The Washington Redskins' first 1999 preseason game at Redskins Stadium (formerly Jack Kent Cooke Stadium) is less than a week away, and the team's new ownership, headed by Daniel M. Snyder, still has a number of general admission season tickets available. But Snyder is confident they all will be sold by next Friday's home opener against the Buffalo Bills, sources said.
The seats are priced at $550 each, which includes eight regular season home games and two preseason home games, and have historically been offered to season ticket holders first. Most are what is left over after thousands of fans on the waiting list declined to purchase them.
The team, which moved from 53,000-seat RFK Stadium after the 1996 season, has sold out all of its regular season home games since the mid-1960s. The NFL does not count premium seating, available since the team moved to its Landover facility, in recognizing sellouts.
With the season fast approaching, the Redskins do not have time to contact everyone on their 40,000-plus waiting list. So instead, the team is trying to sell the scattered seats at the last minute to season ticket holders.
"We're doing our best to try and accommodate our fans in every possible way," Snyder said recently. "That includes servicing their ticket needs, improving access to and from the stadium, making the day at the stadium more enjoyable and winning more football games."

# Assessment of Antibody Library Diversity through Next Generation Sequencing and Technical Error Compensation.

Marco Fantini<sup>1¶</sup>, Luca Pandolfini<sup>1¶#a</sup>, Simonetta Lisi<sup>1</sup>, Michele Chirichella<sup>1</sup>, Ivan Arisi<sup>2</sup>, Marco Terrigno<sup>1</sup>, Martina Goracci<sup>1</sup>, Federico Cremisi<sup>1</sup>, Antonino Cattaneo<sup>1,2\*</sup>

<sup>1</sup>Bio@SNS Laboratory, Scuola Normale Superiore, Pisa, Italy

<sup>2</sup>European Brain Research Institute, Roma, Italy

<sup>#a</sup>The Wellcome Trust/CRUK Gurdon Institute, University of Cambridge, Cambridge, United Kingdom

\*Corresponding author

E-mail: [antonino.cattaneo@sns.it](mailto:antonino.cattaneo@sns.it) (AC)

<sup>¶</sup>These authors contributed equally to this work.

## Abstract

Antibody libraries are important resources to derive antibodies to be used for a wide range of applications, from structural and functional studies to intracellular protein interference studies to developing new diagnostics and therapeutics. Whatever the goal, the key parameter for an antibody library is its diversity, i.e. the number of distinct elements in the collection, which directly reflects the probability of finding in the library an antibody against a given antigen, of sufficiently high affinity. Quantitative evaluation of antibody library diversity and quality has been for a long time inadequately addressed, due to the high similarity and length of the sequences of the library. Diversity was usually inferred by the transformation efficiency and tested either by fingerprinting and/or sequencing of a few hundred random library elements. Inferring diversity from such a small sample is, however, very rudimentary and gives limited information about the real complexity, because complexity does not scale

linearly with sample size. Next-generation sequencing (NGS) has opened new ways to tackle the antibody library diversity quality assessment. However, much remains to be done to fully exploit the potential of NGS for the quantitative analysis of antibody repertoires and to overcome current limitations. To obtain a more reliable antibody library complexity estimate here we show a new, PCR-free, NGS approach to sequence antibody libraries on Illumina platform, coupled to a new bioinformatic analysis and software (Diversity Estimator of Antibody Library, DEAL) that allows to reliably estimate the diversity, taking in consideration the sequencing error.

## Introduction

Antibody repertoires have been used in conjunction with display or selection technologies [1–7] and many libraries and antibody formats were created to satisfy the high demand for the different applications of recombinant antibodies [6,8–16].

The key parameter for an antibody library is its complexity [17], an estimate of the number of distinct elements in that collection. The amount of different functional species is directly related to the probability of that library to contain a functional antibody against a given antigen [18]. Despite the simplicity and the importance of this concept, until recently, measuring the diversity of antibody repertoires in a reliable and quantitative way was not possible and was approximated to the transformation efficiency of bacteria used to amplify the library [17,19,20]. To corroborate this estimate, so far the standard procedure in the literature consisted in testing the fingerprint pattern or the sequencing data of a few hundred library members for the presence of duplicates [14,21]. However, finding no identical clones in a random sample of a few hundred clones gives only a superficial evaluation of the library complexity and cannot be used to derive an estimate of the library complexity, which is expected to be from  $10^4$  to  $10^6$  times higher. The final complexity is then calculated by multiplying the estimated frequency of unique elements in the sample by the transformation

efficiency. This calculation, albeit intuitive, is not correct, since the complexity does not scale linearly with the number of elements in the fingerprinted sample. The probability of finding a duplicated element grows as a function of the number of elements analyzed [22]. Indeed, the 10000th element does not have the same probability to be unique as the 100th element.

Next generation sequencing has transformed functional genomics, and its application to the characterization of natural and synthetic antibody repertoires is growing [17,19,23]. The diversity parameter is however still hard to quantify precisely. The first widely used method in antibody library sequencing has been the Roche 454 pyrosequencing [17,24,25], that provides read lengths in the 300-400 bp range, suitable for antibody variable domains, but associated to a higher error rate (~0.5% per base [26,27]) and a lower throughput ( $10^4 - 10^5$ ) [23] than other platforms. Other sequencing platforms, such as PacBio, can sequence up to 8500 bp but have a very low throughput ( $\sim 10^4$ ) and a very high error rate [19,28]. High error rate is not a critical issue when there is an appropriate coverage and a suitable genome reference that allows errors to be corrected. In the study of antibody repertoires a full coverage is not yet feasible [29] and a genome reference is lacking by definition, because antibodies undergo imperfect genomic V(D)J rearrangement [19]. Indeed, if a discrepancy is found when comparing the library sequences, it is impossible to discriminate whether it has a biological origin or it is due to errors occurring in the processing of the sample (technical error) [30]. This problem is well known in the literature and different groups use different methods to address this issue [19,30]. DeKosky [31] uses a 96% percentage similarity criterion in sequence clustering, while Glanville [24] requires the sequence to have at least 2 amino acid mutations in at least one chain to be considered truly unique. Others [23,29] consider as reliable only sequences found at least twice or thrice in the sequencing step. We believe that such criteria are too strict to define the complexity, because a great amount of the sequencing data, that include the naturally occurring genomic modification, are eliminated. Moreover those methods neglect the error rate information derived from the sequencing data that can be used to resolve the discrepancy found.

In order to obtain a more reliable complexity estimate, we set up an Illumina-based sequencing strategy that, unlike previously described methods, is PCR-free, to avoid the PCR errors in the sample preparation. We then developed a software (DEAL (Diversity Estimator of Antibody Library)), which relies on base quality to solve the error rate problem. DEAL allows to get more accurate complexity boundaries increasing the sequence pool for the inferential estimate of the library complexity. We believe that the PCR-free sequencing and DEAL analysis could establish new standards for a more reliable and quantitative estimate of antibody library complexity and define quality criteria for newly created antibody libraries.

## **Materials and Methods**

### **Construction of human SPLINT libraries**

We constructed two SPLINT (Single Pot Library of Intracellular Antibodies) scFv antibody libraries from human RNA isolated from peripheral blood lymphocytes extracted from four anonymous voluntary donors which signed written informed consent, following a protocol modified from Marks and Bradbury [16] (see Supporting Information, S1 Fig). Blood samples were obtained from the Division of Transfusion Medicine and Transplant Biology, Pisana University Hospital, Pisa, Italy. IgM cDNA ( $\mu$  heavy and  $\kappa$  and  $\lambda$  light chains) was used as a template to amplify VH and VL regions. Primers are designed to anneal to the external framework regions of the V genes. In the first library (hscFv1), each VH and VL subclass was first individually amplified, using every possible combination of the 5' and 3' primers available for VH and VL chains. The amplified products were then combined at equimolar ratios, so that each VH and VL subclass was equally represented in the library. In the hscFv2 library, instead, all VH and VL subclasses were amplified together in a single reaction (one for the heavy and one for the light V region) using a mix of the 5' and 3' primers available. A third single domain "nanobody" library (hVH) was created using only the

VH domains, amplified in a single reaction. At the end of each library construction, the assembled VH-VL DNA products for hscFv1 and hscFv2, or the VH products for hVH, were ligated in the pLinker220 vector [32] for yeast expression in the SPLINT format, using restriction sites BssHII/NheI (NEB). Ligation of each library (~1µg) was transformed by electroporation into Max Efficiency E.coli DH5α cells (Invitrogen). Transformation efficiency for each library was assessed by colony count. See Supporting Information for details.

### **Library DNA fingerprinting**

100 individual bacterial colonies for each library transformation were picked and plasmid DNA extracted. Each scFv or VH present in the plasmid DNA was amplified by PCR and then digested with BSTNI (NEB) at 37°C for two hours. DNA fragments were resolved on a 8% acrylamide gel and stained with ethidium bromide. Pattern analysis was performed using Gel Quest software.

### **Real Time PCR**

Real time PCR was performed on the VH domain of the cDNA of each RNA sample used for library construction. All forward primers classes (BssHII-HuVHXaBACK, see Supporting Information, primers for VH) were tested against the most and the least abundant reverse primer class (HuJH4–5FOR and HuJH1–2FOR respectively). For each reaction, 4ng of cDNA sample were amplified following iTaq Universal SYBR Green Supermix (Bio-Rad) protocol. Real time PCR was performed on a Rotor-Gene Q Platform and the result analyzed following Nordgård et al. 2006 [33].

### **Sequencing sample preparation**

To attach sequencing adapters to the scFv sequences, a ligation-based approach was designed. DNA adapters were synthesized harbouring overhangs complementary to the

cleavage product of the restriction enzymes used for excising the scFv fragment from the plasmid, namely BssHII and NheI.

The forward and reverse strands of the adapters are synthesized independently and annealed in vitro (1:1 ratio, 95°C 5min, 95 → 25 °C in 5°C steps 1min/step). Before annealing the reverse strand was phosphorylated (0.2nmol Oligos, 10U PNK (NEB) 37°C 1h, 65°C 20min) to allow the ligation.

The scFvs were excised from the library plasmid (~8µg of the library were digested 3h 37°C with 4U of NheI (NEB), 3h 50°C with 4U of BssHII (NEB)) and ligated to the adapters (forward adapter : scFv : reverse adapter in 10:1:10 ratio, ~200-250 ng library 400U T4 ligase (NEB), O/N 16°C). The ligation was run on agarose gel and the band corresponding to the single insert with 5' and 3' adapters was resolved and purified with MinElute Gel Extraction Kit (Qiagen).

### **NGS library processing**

Sources close to Snyder said his late start -- he did not officially take ownership until July -- cut into the ticket-selling season.
Starting in June, the Redskins upgraded about 1,000 season ticket holders to better seats, which had been vacated by fans who did not renew their ticket plans, according to a Redskins source. The Redskins then sold approximately 2,600 tickets to people on the waiting list, the source said. Most of the 2,600 seats came from non-renewed season tickets, including 400 singles. The rest came from seats that Snyder reallocated from "house seats" that the Cooke family, the former owners, kept in reserve for special guests.
Meanwhile, Snyder and company have reduced the number of unsold club seats from the 2,400 they inherited from the Cooke administration to less than 1,000, sources said. The Redskins hope to sell the remaining club seats by the end of the month.
The Redskins have 15,084 club seats, the highest in all of U.S. professional sports. They also sell 199 luxury suites, seating 3,514. At the end of last season, Redskins Stadium seated approximately 80,116, including 60,013 general seats, 1,505 loge seats and 15,084 club seats and the luxury suites.
Staff writer George Solomon contributed to this report.